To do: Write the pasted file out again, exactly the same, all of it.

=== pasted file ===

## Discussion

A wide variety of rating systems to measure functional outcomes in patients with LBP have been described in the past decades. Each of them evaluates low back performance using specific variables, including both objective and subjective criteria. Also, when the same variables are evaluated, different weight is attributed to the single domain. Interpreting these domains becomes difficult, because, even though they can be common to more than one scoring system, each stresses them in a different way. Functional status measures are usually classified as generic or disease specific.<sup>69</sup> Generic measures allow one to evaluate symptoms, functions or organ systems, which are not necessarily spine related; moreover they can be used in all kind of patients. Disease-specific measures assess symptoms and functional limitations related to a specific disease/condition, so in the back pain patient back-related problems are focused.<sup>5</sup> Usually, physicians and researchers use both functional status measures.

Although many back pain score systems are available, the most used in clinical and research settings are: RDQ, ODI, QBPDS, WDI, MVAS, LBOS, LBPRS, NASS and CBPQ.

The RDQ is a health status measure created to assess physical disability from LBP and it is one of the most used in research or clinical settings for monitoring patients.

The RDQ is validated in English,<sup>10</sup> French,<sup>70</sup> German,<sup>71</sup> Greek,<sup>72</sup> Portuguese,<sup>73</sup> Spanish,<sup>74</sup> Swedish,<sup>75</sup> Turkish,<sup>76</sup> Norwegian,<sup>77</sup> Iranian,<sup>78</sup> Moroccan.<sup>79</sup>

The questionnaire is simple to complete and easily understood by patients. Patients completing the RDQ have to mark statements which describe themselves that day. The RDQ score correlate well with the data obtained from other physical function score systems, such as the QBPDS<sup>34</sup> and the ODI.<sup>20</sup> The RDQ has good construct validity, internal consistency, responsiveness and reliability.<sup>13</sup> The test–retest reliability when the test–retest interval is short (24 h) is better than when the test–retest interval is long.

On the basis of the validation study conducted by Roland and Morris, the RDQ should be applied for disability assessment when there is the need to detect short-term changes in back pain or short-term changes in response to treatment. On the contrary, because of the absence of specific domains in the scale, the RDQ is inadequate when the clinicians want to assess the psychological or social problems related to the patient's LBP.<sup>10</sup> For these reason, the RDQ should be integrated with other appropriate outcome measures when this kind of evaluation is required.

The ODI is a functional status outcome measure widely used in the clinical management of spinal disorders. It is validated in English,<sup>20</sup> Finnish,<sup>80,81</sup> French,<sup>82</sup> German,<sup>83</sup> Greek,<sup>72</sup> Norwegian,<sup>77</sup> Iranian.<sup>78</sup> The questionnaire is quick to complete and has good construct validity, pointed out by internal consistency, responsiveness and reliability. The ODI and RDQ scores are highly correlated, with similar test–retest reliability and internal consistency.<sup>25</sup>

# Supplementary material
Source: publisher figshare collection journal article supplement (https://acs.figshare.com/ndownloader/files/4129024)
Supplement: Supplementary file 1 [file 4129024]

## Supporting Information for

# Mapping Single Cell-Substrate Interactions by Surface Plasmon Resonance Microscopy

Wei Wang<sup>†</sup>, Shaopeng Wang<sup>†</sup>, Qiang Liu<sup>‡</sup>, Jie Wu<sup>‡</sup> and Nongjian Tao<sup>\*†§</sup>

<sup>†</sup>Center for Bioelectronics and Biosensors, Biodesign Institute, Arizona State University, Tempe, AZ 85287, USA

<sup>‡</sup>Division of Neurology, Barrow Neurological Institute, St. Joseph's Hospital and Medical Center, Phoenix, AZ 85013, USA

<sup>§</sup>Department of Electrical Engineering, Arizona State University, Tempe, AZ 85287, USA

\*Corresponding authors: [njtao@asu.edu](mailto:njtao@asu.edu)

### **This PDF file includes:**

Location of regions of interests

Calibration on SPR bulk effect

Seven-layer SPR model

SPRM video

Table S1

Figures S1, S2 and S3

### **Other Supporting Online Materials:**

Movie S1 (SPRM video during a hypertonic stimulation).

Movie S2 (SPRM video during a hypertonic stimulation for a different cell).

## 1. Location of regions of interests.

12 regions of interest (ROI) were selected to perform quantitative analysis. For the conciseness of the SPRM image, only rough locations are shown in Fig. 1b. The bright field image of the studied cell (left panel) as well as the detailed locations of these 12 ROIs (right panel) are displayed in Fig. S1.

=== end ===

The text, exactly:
## Discussion

A wide variety of rating systems to measure functional outcomes in patients with LBP have been described in the past decades. Each of them evaluates low back performance using specific variables, including both objective and subjective criteria. Also, when the same variables are evaluated, different weight is attributed to the single domain. Interpreting these domains becomes difficult, because, even though they can be common to more than one scoring system, each stresses them in a different way. Functional status measures are usually classified as generic or disease specific.<sup>69</sup> Generic measures allow one to evaluate symptoms, functions or organ systems, which are not necessarily spine related; moreover they can be used in all kind of patients. Disease-specific measures assess symptoms and functional limitations related to a specific disease/condition, so in the back pain patient back-related problems are focused.<sup>5</sup> Usually, physicians and researchers use both functional status measures.

Although many back pain score systems are available, the most used in clinical and research settings are: RDQ, ODI, QBPDS, WDI, MVAS, LBOS, LBPRS, NASS and CBPQ.

The RDQ is a health status measure created to assess physical disability from LBP and it is one of the most used in research or clinical settings for monitoring patients.

The RDQ is validated in English,<sup>10</sup> French,<sup>70</sup> German,<sup>71</sup> Greek,<sup>72</sup> Portuguese,<sup>73</sup> Spanish,<sup>74</sup> Swedish,<sup>75</sup> Turkish,<sup>76</sup> Norwegian,<sup>77</sup> Iranian,<sup>78</sup> Moroccan.<sup>79</sup>

The questionnaire is simple to complete and easily understood by patients. Patients completing the RDQ have to mark statements which describe themselves that day. The RDQ score correlate well with the data obtained from other physical function score systems, such as the QBPDS<sup>34</sup> and the ODI.<sup>20</sup> The RDQ has good construct validity, internal consistency, responsiveness and reliability.<sup>13</sup> The test–retest reliability when the test–retest interval is short (24 h) is better than when the test–retest interval is long.

On the basis of the validation study conducted by Roland and Morris, the RDQ should be applied for disability assessment when there is the need to detect short-term changes in back pain or short-term changes in response to treatment. On the contrary, because of the absence of specific domains in the scale, the RDQ is inadequate when the clinicians want to assess the psychological or social problems related to the patient's LBP.<sup>10</sup> For these reason, the RDQ should be integrated with other appropriate outcome measures when this kind of evaluation is required.

The ODI is a functional status outcome measure widely used in the clinical management of spinal disorders. It is validated in English,<sup>20</sup> Finnish,<sup>80,81</sup> French,<sup>82</sup> German,<sup>83</sup> Greek,<sup>72</sup> Norwegian,<sup>77</sup> Iranian.<sup>78</sup> The questionnaire is quick to complete and has good construct validity, pointed out by internal consistency, responsiveness and reliability. The ODI and RDQ scores are highly correlated, with similar test–retest reliability and internal consistency.<sup>25</sup>

# Supplementary material
Source: publisher figshare collection journal article supplement (https://acs.figshare.com/ndownloader/files/4129024)
Supplement: Supplementary file 1 [file 4129024]

## Supporting Information for

# Mapping Single Cell-Substrate Interactions by Surface Plasmon Resonance Microscopy

Wei Wang<sup>†</sup>, Shaopeng Wang<sup>†</sup>, Qiang Liu<sup>‡</sup>, Jie Wu<sup>‡</sup> and Nongjian Tao<sup>\*†§</sup>

<sup>†</sup>Center for Bioelectronics and Biosensors, Biodesign Institute, Arizona State University, Tempe, AZ 85287, USA

<sup>‡</sup>Division of Neurology, Barrow Neurological Institute, St. Joseph's Hospital and Medical Center, Phoenix, AZ 85013, USA

<sup>§</sup>Department of Electrical Engineering, Arizona State University, Tempe, AZ 85287, USA

\*Corresponding authors: [njtao@asu.edu](mailto:njtao@asu.edu)

### **This PDF file includes:**

Location of regions of interests

Calibration on SPR bulk effect

Seven-layer SPR model

SPRM video

Table S1

Figures S1, S2 and S3

### **Other Supporting Online Materials:**

Movie S1 (SPRM video during a hypertonic stimulation).

Movie S2 (SPRM video during a hypertonic stimulation for a different cell).

## 1. Location of regions of interests.

12 regions of interest (ROI) were selected to perform quantitative analysis. For the conciseness of the SPRM image, only rough locations are shown in Fig. 1b. The bright field image of the studied cell (left panel) as well as the detailed locations of these 12 ROIs (right panel) are displayed in Fig. S1.